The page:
“How was your trip?” “So, how was Cambodia?” “Dad, did you bring back any fried tarantulas?” These have been common questions to me and ten other leaders and young adults from Bel Pres over the past few weeks. It’s always difficult to sum up in a 30 second answer the impact of 12 days in a place like Cambodia. There’s something about this country – these people – that gets under your skin, stretches your worldview and captures your affection. So I’ve asked a few trip members to help me tackle themes from the trip that we’ll share over the next several days.
As we enter the second week of Lent, a time for listening and for Jesus’ followers to reflect on their desperate need for Him, I’ll start with: Exile.
As a leader in a large suburban church east of Seattle who’s closest experiences to exile were 1) having to remain in Richland, WA for two years of community college while most of his high school buddies went off to school, and 2) leaving his much-loved Seattle for (gasp) the suburbs of north Kirkland, the biblical experience of exile is foreign to me. Sadly, that’s not the case in Cambodia. Forced evictions lead to the exile of thousands from their homes. In 2008, according to Amnesty International, 283,000 people in Cambodia have been evicted or are at risk of forced relocation nationwide. As of 2004, it was estimated that 20-30% of landowners held 70% of the country’s land, while the poorest 40% occupied only 10%. In the countryside, 45% of families were landless or near landless (there’s a related film project you can read about here).
“This is why I weep and my eyes overflow with tears. No one is near to comfort me, no one to restore my spirit. My children are destitute because the enemy has prevailed.” –Lamentations 1:16
Since 2009 the families of Oudong Village have twice been violently evicted (exiled) – the first from their homes in Cambodia’s capital, Phnom Penh; the second from where they were initially relocated to. They are now quite isolated 38 km north of Phnom Penh. The dilemma is that for many families, one or both parents have to go back to Phnom Penh or other more populated areas for work. In the case of the woman with the child pictured, it meant her husband would be gone for weeks working construction in Phnom Penh. She must also leave for days at a time to work in a nearby town. This has left grandma to care for the five young children – all while suffering from difficult medical issues of her own, including being blind in one eye.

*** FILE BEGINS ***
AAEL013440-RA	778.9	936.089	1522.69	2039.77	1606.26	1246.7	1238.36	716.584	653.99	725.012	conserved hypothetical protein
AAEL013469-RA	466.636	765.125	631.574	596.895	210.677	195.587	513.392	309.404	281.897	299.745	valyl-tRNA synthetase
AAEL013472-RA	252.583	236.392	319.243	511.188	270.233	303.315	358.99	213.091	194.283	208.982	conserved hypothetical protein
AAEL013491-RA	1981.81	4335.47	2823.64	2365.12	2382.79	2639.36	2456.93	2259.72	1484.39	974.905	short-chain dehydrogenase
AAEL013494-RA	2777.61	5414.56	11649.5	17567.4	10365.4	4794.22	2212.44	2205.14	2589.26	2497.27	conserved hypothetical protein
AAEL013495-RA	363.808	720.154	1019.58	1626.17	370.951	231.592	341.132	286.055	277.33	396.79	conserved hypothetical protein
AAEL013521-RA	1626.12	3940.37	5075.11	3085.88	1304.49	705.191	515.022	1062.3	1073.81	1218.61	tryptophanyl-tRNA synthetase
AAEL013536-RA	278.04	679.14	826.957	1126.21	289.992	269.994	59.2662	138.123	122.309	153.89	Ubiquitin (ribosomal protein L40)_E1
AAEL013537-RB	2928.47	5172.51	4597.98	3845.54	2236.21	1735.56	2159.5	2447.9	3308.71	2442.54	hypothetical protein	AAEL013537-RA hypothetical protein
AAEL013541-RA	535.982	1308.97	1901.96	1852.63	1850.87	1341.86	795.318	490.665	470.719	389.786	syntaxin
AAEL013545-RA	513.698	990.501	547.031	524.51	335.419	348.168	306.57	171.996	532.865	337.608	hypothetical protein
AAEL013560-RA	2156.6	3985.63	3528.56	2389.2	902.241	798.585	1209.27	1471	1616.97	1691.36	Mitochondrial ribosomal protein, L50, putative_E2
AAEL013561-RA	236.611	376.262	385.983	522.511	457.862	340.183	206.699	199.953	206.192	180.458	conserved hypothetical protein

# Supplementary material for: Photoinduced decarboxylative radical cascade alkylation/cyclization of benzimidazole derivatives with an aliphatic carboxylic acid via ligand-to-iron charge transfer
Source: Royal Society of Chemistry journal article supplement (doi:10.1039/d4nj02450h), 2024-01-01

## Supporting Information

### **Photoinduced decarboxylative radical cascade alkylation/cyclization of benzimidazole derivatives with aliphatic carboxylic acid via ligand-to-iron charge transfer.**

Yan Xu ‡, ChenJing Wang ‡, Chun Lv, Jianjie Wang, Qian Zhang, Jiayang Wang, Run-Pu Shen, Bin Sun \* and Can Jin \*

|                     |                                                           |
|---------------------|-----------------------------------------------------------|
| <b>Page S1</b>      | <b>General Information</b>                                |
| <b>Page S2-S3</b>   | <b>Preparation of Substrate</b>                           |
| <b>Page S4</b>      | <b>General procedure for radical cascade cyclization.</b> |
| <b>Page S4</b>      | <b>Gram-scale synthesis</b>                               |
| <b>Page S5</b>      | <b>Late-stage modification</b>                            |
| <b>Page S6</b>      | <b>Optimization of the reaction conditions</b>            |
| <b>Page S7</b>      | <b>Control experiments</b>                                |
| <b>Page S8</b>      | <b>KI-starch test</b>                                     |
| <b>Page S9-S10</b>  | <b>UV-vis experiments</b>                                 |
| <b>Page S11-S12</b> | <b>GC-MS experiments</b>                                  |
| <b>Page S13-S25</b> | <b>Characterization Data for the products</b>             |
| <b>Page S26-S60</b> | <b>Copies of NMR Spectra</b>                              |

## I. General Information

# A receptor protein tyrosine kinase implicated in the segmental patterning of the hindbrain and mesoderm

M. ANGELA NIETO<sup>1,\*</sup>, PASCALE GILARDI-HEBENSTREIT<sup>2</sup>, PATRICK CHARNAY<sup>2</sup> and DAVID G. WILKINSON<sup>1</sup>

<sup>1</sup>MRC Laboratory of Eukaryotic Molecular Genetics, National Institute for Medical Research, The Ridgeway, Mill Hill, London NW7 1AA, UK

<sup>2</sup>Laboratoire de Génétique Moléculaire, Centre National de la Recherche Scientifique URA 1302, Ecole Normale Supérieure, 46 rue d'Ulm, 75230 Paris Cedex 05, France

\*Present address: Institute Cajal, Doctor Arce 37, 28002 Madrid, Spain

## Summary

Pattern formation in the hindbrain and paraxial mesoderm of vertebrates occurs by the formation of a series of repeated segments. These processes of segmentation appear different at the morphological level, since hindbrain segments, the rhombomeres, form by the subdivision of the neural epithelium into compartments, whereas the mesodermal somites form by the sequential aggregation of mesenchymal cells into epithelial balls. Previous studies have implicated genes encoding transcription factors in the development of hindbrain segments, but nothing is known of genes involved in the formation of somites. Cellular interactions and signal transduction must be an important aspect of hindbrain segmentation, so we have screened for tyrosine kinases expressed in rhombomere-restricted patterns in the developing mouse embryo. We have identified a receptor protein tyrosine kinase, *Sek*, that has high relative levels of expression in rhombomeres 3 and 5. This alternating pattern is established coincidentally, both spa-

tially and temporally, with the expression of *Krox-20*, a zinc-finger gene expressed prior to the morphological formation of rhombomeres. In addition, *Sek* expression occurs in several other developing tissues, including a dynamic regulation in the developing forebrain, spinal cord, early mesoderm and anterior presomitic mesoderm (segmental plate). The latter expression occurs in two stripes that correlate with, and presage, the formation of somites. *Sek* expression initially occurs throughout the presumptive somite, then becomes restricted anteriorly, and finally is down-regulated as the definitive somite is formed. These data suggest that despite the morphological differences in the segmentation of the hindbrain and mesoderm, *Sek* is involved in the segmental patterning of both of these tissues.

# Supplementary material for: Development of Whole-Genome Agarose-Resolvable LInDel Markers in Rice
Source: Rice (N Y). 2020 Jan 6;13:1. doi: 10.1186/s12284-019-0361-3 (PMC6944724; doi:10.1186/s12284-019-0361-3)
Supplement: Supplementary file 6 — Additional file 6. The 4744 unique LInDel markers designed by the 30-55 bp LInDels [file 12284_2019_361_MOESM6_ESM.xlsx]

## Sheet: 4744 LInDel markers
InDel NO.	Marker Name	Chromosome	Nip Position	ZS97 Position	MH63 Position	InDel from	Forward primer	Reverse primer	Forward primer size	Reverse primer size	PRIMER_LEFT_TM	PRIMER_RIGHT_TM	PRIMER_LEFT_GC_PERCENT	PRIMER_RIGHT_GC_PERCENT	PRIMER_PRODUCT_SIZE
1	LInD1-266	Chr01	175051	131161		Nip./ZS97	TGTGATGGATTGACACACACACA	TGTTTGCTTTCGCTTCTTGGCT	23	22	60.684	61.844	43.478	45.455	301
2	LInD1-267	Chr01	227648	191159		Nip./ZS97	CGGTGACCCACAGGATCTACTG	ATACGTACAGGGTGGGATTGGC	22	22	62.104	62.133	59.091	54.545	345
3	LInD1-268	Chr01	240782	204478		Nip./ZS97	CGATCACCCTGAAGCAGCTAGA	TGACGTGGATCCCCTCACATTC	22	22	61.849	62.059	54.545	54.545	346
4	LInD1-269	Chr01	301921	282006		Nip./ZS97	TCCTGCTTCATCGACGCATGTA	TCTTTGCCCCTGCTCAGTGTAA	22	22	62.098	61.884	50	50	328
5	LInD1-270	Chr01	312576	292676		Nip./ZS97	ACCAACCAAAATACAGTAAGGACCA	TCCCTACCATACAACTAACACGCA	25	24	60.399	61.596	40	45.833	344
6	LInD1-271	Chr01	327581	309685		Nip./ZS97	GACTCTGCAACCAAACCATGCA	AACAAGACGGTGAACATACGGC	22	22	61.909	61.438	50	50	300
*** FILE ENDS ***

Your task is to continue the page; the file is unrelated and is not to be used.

Amidst the brokenness of such exile, it was inspiring to meet Kevin and his wife who have been working, and soon will be living among, the families at Oudong. It’s incredible to hear Kevin’s story as a onetime well-off plumbing foreman from Vancouver, Canada who ended up as a homeless junkie living in lice and bed-beg infested spaces. The same God who’s heart broke for the people of Oudong was redeeming the experience of a drug addicted, homeless plumber from Vancouver to come and be Jesus with skin on there. What was also incredible was Kevin’s hunger for God and his thankfulness at how God had blessed and redeemed his life. He said to us: “I get to cry a lot in my work. When I was in drug addiction my tears were of despair. Now they’re tears of compassion and I let my years guide me.”
A friend of mine described Cambodia as a place where the hope and the hurt live side by side. Check out these videos and pictures; reflect on the hurt of exile taking place in Cambodia. But also look for the hope present in the lives of people like Kevin and the villagers themselves. Comment with your thoughts and reflections.